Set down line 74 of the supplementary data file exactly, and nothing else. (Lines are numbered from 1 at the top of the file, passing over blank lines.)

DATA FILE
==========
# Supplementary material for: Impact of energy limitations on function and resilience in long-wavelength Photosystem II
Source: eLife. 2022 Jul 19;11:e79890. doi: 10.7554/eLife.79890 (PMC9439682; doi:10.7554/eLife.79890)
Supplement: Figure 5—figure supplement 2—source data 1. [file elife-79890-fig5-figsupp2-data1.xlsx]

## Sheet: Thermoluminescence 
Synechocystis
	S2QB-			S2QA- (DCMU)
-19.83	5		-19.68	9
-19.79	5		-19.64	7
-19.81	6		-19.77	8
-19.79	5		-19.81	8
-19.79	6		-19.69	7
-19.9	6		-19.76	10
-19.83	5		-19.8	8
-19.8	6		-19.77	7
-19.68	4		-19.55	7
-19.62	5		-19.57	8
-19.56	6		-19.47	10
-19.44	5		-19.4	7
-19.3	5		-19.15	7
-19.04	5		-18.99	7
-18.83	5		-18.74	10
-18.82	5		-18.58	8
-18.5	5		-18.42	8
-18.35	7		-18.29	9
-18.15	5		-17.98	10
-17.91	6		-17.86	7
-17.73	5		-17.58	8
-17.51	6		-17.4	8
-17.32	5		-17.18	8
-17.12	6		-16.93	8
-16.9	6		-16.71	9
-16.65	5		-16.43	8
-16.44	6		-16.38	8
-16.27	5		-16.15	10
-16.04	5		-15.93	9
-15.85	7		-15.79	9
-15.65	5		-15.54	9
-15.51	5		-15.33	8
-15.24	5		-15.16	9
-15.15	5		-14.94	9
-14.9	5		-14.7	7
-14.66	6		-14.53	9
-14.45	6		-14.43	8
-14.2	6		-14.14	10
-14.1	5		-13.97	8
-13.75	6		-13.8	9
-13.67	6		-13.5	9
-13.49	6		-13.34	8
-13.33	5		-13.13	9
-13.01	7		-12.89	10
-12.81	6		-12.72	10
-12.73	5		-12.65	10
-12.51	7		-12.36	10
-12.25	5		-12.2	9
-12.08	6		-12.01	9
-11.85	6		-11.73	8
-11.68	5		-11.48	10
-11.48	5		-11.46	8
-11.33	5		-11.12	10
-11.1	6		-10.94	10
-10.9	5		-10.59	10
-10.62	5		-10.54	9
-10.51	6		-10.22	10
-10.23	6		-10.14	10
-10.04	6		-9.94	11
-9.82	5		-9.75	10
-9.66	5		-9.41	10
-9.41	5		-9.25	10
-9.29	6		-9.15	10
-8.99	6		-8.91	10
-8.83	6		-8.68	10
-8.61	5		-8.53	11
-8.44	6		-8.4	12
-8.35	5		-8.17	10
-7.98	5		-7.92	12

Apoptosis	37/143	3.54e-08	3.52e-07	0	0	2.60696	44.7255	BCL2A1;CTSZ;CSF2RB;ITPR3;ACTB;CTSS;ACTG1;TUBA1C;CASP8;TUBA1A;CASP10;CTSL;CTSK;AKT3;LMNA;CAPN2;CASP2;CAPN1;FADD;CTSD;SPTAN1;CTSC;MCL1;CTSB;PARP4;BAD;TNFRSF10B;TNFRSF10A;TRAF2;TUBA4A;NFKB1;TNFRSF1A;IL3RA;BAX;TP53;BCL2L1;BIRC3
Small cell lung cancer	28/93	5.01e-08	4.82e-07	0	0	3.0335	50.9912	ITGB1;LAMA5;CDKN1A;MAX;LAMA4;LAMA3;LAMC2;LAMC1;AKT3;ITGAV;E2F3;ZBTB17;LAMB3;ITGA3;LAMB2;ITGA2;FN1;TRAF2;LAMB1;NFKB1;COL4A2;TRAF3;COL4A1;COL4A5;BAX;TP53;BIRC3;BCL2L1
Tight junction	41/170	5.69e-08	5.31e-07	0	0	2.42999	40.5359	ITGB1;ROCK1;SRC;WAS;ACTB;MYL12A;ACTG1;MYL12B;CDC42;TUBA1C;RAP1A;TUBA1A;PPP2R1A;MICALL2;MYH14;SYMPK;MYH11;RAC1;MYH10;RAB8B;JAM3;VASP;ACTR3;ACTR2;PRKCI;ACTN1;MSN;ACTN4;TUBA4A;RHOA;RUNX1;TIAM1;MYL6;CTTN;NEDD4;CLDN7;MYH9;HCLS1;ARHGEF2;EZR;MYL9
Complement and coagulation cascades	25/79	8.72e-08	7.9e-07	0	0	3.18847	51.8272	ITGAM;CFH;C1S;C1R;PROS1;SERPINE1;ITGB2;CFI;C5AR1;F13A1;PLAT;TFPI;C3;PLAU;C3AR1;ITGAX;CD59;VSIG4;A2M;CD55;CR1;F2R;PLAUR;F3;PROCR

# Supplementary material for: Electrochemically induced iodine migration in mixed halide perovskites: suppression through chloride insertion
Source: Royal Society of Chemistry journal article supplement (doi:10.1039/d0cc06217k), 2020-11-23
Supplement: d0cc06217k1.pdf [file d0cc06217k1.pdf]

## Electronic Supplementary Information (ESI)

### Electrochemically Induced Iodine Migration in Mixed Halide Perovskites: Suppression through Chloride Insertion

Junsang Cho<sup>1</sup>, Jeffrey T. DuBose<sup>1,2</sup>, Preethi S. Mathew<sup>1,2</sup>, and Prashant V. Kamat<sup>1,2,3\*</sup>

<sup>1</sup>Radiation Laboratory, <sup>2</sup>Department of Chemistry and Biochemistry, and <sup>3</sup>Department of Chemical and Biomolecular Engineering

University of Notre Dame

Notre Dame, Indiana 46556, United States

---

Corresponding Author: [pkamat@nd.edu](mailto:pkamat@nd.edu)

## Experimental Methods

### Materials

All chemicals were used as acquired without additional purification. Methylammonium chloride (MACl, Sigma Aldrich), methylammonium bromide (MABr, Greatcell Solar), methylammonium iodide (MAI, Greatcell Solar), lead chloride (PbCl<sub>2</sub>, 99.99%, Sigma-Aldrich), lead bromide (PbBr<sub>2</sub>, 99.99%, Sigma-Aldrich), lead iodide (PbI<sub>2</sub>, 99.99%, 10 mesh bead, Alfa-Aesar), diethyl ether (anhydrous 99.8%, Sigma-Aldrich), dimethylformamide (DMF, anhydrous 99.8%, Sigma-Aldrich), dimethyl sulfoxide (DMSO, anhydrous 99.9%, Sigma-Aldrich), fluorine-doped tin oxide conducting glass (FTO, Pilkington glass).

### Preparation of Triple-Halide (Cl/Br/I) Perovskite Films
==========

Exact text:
-8.35	5		-8.17	10